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Windows Server 2016 persistent memory support supercharges storage IO
Because it isn't necessarily storage IO at all
Analysis The best IO is... no IO. Windows Server 2016 has code to supercharge data storage IO speed by not treating it as IO anymore.
It uses storage-class memory (SCM) as a persistent store, one that is on the memory bus, close to the CPU, and doesn't lose its contents when power is lost, an NVDIMM-N type device. That can be provided by having a Flash DIMM on a host system's memory channel, or a DRAM DIMM with on-DIMM flash backup against power failure.
Future storage class memory media possibilities include Intel and Micron’s 3D XPoint memory.
JEDEC has defined three classes of NVDIMM:
- NVDIMM-N is a DRAM/Flash hybrid memory module using flash to save the DRAM contents upon power failure
- NVDIMM-F is for all-flash DIMMs like those made by Diablo/WD (SanDisk)
- NVDIMM-P is a flash DIMM treated as persistent memory (block-addressable)
JEDEC-compliant N-class Non-volatile DIMMs (NVDIMM-N) storage-class memory devices are supported in Windows with native drivers, starting in Windows Server 2016 and Windows 10 (version 1607).
You can use NVDIMM-N devices as byte-addressable and block-addressable storage in Windows Server 2016. For example SQL Server log files could be stored on NVDIMM-Ns with database records out on disk.
Here is a Microsoft video talking about its use as block storage:
NVDIMM-N is based on DDR4 DRAM plus flash for backup and it exposes a block interface, exactly like disk and SSD devices today, with read and write file semantics above an SCM driver, and load-store semantics below it, where it talks to the media. In a test Microsoft found an NVMe SSD could do 55MBps at 68 microsecs latency. The same simple, single-threaded task, was done at 700MBps and 5 microsecs latency on a DDR4 NVDIMM-N accessed in block mode.
NVDIMM_N block mode is enabled in Windows Server 2016 by a Microsoft-defined _DSM specification, exposing it as a new kind of disk device, and is usable in Storage Spaces – Microsoft's storage virtualisation technology – for striping, mirroring and write-back caching. You can query information about NVDIMM-N devices through PowerShell cmdlets.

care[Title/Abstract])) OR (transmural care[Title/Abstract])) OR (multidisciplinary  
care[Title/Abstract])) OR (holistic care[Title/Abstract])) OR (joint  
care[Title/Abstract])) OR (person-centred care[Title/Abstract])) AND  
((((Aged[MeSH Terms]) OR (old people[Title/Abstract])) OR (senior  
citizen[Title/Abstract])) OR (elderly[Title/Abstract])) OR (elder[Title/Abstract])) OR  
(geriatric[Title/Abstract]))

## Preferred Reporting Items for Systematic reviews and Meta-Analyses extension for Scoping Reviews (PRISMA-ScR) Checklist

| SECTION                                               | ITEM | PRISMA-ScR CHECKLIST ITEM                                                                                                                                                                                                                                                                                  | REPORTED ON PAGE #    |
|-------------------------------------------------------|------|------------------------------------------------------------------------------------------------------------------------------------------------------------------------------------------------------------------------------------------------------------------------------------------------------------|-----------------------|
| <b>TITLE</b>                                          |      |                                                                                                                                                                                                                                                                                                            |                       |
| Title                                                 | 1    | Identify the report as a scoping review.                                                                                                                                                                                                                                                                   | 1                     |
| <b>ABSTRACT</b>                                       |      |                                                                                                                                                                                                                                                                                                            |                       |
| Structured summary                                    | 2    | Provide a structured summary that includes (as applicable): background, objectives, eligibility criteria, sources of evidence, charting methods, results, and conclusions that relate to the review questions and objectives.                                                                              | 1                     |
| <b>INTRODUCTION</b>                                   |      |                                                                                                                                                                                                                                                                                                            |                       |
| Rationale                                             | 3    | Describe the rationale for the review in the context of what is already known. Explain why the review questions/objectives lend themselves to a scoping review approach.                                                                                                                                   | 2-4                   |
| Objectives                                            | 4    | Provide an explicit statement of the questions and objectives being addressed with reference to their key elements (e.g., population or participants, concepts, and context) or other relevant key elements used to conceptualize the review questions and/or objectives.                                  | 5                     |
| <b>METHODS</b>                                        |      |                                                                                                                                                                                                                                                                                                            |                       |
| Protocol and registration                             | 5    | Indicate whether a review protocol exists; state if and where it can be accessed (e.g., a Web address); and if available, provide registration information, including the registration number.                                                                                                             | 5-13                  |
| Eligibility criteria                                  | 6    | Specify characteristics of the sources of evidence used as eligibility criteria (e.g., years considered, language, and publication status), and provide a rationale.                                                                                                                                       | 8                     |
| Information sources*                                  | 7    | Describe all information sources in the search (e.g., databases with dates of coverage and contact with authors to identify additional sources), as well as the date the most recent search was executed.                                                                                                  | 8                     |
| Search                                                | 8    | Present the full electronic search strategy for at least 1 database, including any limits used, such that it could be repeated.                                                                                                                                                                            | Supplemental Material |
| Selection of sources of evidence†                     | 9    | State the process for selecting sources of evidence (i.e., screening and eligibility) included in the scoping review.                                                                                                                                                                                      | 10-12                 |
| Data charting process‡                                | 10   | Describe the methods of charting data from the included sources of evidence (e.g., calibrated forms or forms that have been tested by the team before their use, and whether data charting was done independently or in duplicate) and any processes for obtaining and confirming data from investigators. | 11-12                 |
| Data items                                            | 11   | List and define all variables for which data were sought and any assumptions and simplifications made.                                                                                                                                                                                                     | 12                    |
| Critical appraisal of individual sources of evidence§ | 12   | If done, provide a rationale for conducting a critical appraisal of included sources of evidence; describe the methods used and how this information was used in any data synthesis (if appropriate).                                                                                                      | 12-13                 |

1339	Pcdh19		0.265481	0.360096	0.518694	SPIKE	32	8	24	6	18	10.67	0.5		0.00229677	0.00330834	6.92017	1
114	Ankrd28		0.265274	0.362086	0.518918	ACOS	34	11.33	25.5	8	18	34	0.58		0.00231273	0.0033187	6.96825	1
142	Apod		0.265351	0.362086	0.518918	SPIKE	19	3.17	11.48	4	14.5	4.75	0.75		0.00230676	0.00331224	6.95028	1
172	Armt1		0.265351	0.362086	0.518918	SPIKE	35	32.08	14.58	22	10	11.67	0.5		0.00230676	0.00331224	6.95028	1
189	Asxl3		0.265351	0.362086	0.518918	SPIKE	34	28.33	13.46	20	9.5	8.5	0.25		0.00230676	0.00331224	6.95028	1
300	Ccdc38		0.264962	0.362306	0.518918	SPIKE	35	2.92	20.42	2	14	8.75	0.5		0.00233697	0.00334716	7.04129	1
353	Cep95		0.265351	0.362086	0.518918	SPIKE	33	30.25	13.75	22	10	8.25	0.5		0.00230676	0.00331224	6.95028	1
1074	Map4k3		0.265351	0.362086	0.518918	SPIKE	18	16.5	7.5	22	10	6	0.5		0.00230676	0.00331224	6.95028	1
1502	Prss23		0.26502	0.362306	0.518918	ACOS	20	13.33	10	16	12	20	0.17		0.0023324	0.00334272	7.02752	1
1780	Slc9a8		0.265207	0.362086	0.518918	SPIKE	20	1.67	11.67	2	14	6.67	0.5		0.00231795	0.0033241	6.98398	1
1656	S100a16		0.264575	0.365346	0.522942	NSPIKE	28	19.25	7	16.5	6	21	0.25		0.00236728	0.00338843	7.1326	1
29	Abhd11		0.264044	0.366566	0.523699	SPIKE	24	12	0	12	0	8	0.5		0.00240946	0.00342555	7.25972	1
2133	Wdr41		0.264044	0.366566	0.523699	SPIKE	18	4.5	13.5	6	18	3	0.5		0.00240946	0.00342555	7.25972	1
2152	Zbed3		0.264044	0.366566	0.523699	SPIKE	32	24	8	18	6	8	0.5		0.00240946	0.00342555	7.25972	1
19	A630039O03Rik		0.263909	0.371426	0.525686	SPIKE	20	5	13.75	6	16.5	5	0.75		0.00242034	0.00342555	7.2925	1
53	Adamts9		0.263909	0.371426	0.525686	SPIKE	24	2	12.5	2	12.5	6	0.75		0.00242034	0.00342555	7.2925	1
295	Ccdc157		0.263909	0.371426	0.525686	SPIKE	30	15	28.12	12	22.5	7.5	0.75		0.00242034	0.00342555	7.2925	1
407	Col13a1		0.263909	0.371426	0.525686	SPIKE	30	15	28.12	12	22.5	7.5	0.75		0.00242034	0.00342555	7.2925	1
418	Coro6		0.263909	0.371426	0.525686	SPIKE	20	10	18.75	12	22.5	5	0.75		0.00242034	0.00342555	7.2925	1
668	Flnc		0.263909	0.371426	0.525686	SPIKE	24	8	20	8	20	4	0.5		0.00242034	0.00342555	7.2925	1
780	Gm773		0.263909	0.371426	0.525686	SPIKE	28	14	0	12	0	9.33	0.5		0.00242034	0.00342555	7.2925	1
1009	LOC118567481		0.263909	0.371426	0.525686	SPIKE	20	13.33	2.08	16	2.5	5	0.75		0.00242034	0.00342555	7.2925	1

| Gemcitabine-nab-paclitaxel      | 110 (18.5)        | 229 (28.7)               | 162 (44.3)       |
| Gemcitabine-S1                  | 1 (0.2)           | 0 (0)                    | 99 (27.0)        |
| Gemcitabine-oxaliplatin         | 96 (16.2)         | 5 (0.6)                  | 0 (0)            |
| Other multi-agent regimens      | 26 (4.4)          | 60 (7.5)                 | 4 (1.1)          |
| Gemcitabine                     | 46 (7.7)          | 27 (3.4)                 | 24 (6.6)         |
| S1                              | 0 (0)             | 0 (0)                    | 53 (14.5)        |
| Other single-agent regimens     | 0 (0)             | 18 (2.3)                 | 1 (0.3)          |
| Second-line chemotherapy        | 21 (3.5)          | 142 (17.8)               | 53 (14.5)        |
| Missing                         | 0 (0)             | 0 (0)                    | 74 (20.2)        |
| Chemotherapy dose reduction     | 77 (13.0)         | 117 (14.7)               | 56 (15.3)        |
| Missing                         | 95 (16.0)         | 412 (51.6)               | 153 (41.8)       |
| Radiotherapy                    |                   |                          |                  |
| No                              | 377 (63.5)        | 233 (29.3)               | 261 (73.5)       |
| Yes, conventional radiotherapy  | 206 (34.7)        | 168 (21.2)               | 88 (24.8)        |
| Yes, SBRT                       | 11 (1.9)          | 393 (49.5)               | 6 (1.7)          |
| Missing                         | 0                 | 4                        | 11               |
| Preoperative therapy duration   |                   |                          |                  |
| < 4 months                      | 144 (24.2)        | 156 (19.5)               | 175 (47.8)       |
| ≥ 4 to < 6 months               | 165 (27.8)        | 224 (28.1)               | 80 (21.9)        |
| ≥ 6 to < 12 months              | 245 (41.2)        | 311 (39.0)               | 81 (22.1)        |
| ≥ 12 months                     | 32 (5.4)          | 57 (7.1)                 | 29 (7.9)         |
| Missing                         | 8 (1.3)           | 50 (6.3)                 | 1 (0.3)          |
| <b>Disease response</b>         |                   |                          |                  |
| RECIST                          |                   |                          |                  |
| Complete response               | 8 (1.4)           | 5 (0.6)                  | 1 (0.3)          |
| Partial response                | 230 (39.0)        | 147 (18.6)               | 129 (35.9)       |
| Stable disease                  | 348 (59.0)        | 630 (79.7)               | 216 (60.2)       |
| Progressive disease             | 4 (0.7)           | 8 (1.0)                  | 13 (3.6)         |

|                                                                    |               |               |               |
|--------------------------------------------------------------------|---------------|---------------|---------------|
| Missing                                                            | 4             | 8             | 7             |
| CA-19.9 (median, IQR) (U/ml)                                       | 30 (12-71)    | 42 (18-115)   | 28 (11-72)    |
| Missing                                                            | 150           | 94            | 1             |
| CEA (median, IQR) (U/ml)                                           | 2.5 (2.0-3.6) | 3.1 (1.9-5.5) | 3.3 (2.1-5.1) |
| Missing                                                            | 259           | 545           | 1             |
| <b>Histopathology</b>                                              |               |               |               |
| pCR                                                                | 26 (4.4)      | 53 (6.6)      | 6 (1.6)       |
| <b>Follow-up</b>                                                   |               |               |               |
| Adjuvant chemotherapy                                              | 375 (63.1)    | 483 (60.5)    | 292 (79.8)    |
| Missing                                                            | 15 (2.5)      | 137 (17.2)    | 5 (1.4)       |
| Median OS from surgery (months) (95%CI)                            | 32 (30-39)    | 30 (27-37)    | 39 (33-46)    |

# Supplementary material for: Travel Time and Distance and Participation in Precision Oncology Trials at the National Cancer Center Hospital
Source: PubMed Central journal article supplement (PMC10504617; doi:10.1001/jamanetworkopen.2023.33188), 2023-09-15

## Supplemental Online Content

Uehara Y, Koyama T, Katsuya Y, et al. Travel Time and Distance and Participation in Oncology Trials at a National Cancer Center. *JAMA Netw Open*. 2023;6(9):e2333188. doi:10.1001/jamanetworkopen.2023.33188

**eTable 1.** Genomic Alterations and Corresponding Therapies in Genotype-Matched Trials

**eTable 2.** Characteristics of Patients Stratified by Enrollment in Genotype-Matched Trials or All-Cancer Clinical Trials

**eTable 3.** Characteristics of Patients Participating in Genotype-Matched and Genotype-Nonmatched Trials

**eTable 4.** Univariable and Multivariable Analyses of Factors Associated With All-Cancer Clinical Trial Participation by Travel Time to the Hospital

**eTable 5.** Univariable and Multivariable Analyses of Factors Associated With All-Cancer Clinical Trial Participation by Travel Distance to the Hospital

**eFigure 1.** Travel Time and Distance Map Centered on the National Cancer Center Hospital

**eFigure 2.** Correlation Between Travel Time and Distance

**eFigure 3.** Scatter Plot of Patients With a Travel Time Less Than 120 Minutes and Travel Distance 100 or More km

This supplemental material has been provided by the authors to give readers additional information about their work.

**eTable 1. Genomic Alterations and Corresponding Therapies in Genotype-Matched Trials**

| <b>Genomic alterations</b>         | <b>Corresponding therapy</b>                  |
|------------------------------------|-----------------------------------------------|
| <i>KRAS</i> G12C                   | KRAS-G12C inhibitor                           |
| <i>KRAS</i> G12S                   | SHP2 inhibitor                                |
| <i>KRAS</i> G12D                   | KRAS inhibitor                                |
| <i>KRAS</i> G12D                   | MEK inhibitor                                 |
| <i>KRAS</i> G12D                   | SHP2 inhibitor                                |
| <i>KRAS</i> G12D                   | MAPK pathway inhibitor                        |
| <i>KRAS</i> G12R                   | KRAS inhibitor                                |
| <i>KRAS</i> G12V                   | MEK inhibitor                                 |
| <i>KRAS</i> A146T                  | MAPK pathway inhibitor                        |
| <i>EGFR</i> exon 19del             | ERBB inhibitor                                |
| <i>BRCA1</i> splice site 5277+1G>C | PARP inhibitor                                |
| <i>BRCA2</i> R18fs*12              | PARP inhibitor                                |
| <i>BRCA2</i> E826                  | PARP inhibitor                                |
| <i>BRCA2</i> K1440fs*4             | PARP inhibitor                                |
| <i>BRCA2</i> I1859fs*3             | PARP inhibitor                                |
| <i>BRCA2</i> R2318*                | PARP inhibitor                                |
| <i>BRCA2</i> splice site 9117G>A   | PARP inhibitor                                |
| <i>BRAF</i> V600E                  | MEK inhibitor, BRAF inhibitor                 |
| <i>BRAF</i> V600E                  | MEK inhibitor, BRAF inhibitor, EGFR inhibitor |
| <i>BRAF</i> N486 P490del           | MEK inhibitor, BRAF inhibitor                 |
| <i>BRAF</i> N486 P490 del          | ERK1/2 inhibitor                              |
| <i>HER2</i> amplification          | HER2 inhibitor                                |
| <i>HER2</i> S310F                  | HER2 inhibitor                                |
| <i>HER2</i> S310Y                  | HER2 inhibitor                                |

Storage-class memory can be driven faster still, using byte addressing. A second Microsoft video talks about using NVDIMM-Ns in byte-addressable mode or DAX mode, with DAX referring to Direct Access volumes. Files are memory-mapped on to these volumes and access to data sidesteps the use of the block-mode software stack, saving time by further reducing latency, providing apps with direct access to the NVDIMM-N hardware (DAX volume).
There is a pre-existing memory-mapped files infrastructure in Windows which is used for this. DAX volumes in an SCMe-aware file system (NTFS - DAX) are identified by a new flag and updates are directly written to the NVDIMM-N with no OS storage stack involvement. NTFS - DAX talks to the SCM driver which then talks directly to the NVDIMM-N media as before. In effect a DAX app, a DirectAccess application, has direct access, using load and store semantics, to a memory-mapped region in the NVDIMM-N media.
Windows server 2016 DAX architecture
Filter drivers relying on detecting and reacting to IO will see no IO and won't work. That means encryption filters. Anti-virus will still work as such code only needs to know when a file was modified – look for a close on the file – and run a scan when that's detected.
DAX volumes are created using one of two commands:
-> Format n: /dax /q
-> Format-Volume -Driveletter n -IsDAX $true
Once created they have a flag value which can be checked by an app looking at the volume handle or a file handle. Obviously then existing app code has to change to accomplish this and use the memory mapping-based read and write (load and store or faster Windows non-temporal instructions) data accesses.
The benefit is that apps get DDR4 memory speed access to persistent storage. There are fewer context switches with highly contested data structures and thousands of CPU cycles are freed up to do more useful work.
In a simple 4K random write test using a single thread against an NVMe SSD the latency was 0.07ms (70 microsecs) and bandwidth about 56MBps. Running the same test in a block mode NVDIMM-N we see 0.01ms (10 microsecs) latency and 580MBps, ten times faster.
Now, running the same test in byte-addressable mode the result is eight times faster still, more than 8GBps at c820ns latency.
Microsoft is working on porting an NVML (Non-Volatile Memory Library) to Windows to help developers adapt apps for DAX volumes. It’s a toolset project maintained on GitHub see http://pmem.io/ and currently works on Linux.
Note that NVDIMM-N drives made completely with flash will be slower than DRAM DIMMs wth flash backup. NVDIMM-N drives made wth XPoint will be faster than flash DIMMs but still slower than DRAM DIMMs; DRAM is faster than XPoint.
Of course, if you have a ton of XPoint NVDIMM-Ns replacing significant disk drive or SSD storage and not so much DRAM then your system will totally fly, but not as fast as a full DRAM or DRAM NVDIMM-N system.
This Microsoft video has information at the end to find out more and it’s worth checking out if you have apps that could benefit from a dose of NVDIMM-N supercharging. The best IO is – wait for it – no IO. ®